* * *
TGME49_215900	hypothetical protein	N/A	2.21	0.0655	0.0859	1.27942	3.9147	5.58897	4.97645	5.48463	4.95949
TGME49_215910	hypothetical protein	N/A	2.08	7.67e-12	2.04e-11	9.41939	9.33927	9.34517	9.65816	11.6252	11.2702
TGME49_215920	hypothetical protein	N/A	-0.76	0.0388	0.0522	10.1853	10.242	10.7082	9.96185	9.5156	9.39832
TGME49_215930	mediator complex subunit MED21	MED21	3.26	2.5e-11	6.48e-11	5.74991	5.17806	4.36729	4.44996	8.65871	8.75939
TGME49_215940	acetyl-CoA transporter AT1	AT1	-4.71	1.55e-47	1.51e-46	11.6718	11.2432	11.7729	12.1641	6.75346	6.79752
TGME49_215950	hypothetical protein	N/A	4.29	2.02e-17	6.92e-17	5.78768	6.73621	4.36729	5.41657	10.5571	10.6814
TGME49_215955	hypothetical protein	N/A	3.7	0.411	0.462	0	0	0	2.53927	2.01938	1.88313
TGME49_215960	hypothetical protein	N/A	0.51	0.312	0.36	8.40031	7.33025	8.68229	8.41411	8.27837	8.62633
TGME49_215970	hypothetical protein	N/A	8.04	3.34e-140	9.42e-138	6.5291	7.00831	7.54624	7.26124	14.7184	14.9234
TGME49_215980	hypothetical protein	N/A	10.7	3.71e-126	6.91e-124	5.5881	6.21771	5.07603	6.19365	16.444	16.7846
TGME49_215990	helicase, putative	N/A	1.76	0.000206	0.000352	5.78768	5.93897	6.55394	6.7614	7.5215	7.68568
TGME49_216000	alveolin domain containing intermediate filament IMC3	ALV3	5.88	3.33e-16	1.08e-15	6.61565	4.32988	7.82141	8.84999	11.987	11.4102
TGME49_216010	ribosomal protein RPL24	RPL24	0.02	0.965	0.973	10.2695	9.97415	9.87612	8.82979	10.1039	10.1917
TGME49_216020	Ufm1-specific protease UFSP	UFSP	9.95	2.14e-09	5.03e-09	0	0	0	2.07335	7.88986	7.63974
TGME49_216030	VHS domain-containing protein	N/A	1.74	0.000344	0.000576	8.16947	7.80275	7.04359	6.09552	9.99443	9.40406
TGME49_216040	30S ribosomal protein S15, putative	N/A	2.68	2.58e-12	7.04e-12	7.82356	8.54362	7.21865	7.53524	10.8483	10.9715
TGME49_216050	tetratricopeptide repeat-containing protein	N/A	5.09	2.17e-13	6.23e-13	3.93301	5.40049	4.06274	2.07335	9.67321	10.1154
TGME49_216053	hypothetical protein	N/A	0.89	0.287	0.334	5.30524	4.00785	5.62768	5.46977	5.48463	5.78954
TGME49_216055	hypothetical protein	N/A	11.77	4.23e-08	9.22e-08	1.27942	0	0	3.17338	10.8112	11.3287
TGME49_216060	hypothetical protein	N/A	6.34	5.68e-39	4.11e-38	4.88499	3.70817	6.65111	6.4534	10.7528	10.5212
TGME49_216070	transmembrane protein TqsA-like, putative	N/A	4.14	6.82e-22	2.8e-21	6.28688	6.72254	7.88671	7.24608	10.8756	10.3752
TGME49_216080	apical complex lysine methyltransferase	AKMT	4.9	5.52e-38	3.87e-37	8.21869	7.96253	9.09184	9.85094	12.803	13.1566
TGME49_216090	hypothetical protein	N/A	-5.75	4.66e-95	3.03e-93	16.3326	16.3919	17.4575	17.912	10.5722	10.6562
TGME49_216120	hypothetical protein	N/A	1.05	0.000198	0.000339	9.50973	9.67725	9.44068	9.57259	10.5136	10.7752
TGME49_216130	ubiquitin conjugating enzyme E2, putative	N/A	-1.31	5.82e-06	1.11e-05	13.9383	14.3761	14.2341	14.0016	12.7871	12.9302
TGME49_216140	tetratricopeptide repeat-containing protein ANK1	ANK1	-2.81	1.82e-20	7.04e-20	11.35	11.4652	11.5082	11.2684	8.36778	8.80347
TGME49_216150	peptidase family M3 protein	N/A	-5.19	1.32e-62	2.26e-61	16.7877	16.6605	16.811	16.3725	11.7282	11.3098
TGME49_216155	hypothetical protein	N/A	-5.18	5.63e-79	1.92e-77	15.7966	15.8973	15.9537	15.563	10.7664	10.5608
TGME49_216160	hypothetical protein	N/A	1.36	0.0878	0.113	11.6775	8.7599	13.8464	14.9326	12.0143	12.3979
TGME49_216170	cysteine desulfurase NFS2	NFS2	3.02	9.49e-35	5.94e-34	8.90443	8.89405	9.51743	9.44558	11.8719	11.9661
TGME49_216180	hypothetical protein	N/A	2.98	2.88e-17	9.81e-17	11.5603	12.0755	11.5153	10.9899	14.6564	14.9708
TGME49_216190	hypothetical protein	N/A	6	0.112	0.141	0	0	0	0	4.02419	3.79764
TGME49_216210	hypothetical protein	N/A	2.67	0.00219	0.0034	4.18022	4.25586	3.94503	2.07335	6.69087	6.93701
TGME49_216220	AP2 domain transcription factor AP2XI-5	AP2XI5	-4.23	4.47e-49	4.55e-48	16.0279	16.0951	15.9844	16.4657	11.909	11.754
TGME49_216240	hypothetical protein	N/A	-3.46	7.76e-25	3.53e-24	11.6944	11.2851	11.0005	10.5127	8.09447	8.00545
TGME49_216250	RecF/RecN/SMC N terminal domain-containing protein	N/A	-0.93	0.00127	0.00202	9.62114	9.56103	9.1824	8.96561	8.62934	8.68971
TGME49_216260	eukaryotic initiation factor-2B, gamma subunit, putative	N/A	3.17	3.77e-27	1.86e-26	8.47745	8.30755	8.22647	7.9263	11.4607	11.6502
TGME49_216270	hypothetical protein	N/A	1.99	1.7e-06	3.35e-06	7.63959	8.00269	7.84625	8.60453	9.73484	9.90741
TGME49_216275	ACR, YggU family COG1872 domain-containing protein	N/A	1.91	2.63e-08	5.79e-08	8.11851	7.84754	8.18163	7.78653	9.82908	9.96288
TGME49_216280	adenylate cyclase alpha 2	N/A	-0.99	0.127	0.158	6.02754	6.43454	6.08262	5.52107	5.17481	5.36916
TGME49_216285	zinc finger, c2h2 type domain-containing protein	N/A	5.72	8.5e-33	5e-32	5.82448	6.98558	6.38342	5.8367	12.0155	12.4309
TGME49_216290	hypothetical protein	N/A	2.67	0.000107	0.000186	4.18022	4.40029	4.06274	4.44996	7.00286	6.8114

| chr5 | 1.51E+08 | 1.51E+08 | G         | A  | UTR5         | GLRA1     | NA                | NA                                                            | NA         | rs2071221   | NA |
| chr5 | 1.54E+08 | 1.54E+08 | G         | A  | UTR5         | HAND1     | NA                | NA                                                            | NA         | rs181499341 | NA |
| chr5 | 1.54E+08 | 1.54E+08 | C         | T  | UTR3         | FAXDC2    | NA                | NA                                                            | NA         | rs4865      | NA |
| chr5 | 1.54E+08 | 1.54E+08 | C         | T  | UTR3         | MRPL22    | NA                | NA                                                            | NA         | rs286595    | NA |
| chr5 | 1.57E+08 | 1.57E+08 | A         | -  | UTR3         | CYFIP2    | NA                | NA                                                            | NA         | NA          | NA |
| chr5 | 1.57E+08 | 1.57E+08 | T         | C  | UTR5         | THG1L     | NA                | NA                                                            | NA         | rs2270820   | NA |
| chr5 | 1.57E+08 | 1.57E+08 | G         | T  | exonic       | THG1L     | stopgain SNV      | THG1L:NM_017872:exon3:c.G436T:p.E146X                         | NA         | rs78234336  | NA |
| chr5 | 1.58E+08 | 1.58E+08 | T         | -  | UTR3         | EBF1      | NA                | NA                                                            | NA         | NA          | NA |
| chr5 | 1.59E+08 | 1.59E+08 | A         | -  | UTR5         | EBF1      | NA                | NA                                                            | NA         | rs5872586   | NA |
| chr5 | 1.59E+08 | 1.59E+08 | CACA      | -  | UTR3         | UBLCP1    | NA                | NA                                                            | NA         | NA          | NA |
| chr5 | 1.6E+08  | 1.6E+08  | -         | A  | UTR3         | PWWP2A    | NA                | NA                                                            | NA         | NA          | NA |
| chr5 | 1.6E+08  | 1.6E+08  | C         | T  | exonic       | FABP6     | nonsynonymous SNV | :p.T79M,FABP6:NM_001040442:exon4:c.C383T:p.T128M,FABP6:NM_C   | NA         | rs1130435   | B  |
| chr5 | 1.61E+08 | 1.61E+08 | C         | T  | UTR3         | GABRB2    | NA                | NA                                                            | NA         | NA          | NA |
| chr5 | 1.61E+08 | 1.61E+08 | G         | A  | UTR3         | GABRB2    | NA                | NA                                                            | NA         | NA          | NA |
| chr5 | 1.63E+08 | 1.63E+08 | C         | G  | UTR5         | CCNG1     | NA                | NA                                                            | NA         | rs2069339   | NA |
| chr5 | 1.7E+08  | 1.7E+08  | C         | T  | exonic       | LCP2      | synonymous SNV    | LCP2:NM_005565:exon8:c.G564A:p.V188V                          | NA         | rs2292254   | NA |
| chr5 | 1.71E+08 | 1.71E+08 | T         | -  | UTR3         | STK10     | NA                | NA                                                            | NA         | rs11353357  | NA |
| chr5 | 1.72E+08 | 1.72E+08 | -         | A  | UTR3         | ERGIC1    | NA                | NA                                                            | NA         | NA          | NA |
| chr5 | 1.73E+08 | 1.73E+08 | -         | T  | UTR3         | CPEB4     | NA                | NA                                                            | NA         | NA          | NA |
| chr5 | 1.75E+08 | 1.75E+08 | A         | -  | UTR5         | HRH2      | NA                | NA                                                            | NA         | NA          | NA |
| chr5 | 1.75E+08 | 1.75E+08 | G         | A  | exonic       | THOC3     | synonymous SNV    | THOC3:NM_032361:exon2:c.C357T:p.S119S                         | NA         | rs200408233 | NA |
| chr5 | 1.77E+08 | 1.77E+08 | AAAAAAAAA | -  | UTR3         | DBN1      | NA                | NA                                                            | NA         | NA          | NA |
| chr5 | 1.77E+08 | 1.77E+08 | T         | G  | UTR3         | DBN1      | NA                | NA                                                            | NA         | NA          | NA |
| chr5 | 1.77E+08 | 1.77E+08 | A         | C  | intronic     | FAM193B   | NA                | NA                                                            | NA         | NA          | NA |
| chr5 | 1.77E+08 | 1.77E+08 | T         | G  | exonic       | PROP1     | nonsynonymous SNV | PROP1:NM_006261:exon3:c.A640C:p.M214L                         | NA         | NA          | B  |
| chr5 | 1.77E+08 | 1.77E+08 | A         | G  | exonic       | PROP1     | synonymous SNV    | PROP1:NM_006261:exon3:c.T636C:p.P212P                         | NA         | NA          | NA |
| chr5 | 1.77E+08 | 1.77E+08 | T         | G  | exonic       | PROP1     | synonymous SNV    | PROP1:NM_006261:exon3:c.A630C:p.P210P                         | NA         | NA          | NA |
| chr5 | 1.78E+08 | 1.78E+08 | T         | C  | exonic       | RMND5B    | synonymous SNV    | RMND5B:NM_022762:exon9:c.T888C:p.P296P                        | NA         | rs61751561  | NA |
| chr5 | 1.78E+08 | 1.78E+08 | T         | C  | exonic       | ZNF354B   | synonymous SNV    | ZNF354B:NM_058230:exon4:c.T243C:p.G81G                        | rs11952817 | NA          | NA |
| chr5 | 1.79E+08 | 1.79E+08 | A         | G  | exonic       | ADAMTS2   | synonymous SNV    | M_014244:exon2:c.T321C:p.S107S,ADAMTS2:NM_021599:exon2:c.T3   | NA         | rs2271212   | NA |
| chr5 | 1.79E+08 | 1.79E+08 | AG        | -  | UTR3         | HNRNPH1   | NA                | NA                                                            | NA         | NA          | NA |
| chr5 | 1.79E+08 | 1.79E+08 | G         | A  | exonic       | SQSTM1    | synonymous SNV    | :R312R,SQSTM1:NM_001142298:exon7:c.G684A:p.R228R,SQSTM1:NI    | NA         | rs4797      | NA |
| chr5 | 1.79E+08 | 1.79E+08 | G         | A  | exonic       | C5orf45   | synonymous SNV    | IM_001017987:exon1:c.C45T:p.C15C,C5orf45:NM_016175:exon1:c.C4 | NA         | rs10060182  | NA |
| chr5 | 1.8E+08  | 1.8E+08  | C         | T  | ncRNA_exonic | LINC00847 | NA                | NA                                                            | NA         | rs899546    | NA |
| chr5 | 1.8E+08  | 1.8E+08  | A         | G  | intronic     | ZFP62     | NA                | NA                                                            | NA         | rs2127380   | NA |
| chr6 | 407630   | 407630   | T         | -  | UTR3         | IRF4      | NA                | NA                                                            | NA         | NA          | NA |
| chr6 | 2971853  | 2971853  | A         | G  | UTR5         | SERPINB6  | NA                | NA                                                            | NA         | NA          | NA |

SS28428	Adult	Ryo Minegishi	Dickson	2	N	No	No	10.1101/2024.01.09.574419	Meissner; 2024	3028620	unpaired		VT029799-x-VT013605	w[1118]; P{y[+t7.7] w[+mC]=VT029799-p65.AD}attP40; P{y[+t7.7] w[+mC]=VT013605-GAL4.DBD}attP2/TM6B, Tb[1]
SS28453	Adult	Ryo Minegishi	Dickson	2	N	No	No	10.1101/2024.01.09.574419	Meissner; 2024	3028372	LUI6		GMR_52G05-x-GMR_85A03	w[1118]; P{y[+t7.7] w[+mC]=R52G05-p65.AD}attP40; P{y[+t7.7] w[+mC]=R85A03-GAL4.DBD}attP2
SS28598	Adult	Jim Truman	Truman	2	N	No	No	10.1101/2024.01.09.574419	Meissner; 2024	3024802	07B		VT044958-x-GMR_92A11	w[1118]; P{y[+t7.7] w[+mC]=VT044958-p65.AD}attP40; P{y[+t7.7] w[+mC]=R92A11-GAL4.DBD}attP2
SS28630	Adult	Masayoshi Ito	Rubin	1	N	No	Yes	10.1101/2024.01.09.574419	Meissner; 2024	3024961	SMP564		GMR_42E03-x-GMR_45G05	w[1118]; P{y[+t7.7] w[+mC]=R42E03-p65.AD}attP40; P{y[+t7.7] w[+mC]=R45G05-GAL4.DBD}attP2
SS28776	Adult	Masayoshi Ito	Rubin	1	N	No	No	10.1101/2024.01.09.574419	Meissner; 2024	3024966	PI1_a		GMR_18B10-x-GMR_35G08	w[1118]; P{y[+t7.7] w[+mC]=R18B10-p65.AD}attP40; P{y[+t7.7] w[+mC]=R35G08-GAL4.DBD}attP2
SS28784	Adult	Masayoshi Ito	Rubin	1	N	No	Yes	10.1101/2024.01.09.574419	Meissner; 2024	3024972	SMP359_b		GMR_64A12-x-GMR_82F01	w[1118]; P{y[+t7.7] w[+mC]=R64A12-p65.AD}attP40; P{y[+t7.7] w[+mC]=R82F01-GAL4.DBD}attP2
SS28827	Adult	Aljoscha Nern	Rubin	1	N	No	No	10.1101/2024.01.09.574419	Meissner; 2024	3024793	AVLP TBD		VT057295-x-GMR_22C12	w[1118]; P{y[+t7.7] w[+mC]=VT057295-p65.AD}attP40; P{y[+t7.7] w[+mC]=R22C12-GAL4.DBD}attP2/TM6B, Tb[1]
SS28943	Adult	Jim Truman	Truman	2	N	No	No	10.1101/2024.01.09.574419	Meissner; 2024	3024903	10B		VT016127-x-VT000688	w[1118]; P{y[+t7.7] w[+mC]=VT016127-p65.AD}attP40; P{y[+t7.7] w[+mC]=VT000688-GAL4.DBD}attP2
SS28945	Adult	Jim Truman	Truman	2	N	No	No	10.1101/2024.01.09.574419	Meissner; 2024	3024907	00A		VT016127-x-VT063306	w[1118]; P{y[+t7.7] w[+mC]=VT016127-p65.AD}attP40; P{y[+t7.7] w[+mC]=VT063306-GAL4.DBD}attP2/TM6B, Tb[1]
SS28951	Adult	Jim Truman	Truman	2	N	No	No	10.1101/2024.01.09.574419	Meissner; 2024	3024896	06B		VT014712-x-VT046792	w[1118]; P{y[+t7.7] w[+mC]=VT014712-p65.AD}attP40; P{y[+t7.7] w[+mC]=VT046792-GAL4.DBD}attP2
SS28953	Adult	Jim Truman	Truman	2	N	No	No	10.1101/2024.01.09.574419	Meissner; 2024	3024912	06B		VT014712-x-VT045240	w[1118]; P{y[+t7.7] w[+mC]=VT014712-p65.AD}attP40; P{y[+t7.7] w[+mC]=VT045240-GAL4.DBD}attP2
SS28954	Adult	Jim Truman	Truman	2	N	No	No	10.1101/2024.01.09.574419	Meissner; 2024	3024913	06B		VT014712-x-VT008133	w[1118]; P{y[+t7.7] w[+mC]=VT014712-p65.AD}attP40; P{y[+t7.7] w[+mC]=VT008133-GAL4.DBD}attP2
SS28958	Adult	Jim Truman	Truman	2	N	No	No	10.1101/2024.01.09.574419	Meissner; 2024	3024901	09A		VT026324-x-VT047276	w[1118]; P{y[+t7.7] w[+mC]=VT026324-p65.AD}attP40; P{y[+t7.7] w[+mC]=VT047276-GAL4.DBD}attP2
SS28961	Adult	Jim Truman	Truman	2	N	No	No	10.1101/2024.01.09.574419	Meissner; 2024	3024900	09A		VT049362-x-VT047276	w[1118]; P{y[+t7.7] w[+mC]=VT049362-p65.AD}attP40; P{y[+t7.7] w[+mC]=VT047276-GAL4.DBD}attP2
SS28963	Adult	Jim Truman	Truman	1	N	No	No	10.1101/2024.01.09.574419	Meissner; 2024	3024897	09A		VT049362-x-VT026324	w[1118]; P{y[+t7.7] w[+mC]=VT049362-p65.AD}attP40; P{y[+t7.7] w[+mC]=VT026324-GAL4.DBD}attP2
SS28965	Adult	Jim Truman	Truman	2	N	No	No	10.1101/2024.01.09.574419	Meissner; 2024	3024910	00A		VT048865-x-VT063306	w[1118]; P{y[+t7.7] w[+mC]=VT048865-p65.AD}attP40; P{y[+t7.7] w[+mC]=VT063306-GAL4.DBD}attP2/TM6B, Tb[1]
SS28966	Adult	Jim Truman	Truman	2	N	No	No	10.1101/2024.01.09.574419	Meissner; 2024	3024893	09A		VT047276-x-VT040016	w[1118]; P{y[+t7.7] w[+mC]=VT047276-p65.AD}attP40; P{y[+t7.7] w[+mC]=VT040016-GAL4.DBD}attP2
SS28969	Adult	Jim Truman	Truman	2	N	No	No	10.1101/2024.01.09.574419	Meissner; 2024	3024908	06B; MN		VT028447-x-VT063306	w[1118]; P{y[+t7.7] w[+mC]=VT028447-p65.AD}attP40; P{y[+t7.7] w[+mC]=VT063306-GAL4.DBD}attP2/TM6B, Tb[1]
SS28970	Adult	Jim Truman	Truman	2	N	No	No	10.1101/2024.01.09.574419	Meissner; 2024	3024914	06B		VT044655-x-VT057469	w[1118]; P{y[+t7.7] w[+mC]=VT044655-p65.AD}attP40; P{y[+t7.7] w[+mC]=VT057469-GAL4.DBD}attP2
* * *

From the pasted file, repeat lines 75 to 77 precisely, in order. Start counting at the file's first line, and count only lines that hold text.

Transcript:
| chr5 | 1.79E+08 | 1.79E+08 | G         | A  | exonic       | C5orf45   | synonymous SNV    | IM_001017987:exon1:c.C45T:p.C15C,C5orf45:NM_016175:exon1:c.C4 | NA         | rs10060182  | NA |
| chr5 | 1.8E+08  | 1.8E+08  | C         | T  | ncRNA_exonic | LINC00847 | NA                | NA                                                            | NA         | rs899546    | NA |
| chr5 | 1.8E+08  | 1.8E+08  | A         | G  | intronic     | ZFP62     | NA                | NA                                                            | NA         | rs2127380   | NA |